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I have a proof of this simple problem, but I feel that the last step is rather clunky:

For $n=1,2,3,4$ we have $n!+5=6,7,11,29$ respectively, none of which are square. Now assume that $n\geq 5$, then: $$\begin{aligned} n! +5 & \;=\; n(n-1)\cdots 6\cdot 5 \cdot 4 \cdot 3 \cdot 2 \cdot 1 + 5 \\[0.2cm] & \;=\; 5\left[ \frac{}{} n(n-1)\cdots 6\cdot 4 \cdot 3 \cdot 2 \cdot 1 + 1 \right] \\[0.2cm] &\;=\; 5(3k+1) \end{aligned}$$ for some $k\in\mathbb{N}$. Since $5(3k+1)=15k+5\equiv 5\,\text{mod} \, 15$ and all perfect squares are congruent either $0,1,4,6, 9$ or $10\,\text{mod}\,15$, the result follows. $\;\blacksquare$

It took a pretty tedious exhaustive search of squares modulo 15 in the last step; is there a theorem I am missing that means the last step follows immediately? Your comments are much appreciated!

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    $\begingroup$ How do you conclude $n(n−1)⋯6⋅4⋅3⋅2⋅1$ is a multiple of 5? It is not true when $n<10$. $\endgroup$ – pisco Aug 12 '17 at 7:30
  • $\begingroup$ Ah you're absolutely right @pisco125! I have edited it accordingly - does it make better sense doing it using this method? Though your proof below is a lot more simple and elegant. $\endgroup$ – AloneAndConfused Aug 12 '17 at 9:13
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    $\begingroup$ It does make sense now :). However, a number which is 5 modulo 15 is automatically 2 modulo 3, so you can choose to modulo 3 instead of modulo 15 in your work. $\endgroup$ – pisco Aug 12 '17 at 9:17
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    $\begingroup$ My edit was for a typo: In the 2nd line "$n=6,7..."$ should have been $n!+5=6,7..."$. $\endgroup$ – DanielWainfleet Aug 13 '17 at 18:33
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When $n\geq 3$ $$n!+5 \equiv 2 \pmod{3}$$ So it cannot be a perfect square when $n\geq 3$.

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As you can see from pisco125's brilliant answer, the step in which you deduce $n! + 5 = 15k + 5$ for $n \geq 5$ is in this case unnecessary.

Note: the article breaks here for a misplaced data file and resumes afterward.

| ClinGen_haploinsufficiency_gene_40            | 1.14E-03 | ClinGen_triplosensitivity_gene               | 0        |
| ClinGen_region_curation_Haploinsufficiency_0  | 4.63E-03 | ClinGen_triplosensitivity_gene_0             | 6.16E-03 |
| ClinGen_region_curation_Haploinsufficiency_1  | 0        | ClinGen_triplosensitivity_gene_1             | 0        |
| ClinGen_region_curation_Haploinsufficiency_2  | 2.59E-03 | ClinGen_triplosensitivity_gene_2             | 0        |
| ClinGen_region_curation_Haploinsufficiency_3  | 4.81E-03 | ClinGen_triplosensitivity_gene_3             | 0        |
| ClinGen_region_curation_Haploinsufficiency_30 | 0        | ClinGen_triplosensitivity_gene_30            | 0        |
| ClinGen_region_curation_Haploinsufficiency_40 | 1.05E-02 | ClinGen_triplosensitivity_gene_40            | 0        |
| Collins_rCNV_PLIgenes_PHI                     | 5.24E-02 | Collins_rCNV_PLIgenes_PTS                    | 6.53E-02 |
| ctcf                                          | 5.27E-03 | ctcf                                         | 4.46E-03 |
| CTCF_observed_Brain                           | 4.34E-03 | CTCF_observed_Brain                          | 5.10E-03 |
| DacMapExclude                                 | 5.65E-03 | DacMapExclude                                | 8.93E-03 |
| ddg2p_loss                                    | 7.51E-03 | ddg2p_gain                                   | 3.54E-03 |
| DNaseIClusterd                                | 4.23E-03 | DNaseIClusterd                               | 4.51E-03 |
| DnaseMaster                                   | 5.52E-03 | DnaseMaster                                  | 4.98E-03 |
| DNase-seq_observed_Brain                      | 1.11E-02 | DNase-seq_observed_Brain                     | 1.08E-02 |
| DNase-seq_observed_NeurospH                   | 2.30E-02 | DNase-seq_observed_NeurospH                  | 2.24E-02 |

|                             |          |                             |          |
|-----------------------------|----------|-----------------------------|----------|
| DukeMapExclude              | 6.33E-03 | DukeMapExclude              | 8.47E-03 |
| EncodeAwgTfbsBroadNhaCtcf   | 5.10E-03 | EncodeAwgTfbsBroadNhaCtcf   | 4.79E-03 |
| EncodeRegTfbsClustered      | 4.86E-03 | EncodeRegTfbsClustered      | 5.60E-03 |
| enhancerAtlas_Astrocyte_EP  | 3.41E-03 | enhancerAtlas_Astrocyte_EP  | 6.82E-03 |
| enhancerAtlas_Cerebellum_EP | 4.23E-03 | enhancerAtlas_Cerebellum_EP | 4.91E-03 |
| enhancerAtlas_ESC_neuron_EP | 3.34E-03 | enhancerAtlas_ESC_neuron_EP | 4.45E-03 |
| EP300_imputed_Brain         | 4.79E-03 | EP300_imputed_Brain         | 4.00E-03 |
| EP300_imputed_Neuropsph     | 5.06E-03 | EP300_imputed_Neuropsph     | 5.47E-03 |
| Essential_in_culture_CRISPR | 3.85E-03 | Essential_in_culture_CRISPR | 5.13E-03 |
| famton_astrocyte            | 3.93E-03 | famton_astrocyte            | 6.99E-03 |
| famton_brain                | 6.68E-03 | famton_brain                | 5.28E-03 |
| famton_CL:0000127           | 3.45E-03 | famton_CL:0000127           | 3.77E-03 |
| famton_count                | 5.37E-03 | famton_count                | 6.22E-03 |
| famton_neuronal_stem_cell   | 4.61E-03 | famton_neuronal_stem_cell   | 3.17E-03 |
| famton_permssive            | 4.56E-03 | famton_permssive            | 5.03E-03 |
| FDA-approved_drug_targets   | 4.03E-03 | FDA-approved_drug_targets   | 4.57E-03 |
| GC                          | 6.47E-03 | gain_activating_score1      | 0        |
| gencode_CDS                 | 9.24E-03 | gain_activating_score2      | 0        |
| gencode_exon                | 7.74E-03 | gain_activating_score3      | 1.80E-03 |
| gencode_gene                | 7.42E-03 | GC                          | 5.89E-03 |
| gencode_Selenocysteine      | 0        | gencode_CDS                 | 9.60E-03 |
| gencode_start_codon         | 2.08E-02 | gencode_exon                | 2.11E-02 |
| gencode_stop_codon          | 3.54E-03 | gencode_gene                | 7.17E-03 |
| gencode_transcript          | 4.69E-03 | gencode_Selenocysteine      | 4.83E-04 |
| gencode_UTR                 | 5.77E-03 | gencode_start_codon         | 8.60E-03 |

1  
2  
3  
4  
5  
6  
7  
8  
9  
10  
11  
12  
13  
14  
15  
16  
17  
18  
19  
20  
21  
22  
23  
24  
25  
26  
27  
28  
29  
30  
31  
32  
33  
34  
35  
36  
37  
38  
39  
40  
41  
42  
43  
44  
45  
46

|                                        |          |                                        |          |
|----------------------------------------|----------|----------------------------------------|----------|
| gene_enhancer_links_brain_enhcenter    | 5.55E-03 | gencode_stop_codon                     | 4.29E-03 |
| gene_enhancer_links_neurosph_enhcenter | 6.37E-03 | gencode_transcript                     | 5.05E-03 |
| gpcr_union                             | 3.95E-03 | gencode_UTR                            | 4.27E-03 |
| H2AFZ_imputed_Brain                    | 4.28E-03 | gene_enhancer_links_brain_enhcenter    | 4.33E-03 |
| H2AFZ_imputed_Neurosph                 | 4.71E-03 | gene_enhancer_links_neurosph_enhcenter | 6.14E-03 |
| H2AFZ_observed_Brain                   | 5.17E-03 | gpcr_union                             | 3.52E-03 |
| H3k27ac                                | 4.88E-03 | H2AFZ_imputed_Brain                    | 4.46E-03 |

With factorials you can usually rely on the fact that $d \mid n!$ for all $n \geq d$. This means $n!$ is divisible by 5 for all $n \geq 5$. Then, although 25 is a bigger modulo than 3 or 15, it's very convenient here, because if $m \equiv 5 \pmod{10}$, then $m^2 \equiv 0 \pmod{25}$. That is to say, 5 is not a square modulo 25. Of course this way you still have to check $n < 10$, whereas pisco's way you need only check $n < 3$.

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It's rarely the most elegant way, but with factorials the most intuitive way is by looking at them modulo a power of $10$, such as $100$ or $1000$.

Thus $n! + 5 \equiv 5 \pmod{100}$ for $n > 9$. We know, since it is obvious, that $x^2 \equiv 5 \pmod{100}$ has no solution in integers.

Like I said, it's not elegant, because we still have to look at $n < 10$. We have $$6, 7, 11, 29, 25, 25, 45, 65, 25, 5$$ of which some of them might be squares (the $25$s), but turn out not to be very soon after we think about them.

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If $n! + p = k^2$ for some prime it's not too difficult to conclude $n < p$ and $k$ has no prime factors less than $p$, or $p \le n < 2p$, $\frac {n!}p + 1$ is divisible by $p$ and $\frac {\frac {n!}p + 1}p$ is a perfect square to no prime factors less than $p$[$*$].

We can go a bit further. $(p-1)! \equiv -1 \mod p$ by Wilson's Theorem so for $p \le n < 2p$ with $\frac {n!}p + 1\equiv 0 \mod p$ we can conclude $\frac {n!}p = (p-1)!\prod (p + k) \equiv -1 \mod p$ so $(n-p)! \equiv 1 \mod p$. And $n = p+1$ or $n = p + (p-2)= 2p-2$ so only two cases to check, if $n \ge p$.

So if $n < 5$ and $n! + 5 = k^2$ then $n! + 5 \ge 7^2$ which is simply not possible for $n\le 4; n! \le 24$

If $5\le n < 10$. then $\frac {n!}5 \equiv -1 \mod 5$. If $n = 5+k$ then $\frac {n!}5 = 4!*(6....n) \equiv 4!*k! \equiv -k! \equiv -1$ so $k! \equiv 1\mod 5$. So $k =1, 3$ and $n=6,8$. Which can be checked.

Which is probably much more clunky than your proof. But it could be useful for generalizing.

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[$*$] $k \le n$ implies $k|n!$ so $k\not \mid n! +p$ unless $k = p$. If so $p|n! + p$ and $n! + p = p(\frac {n!}p + 1)$. If $n \ge 2p$ then $p|\frac {n!}p$ and $p \not \mid \frac{n!}p + 1$. If $n! + p$ is a perfect square and $p|n! + p$ then $p^2|n!+p$ and so $p \le n < 2p$.

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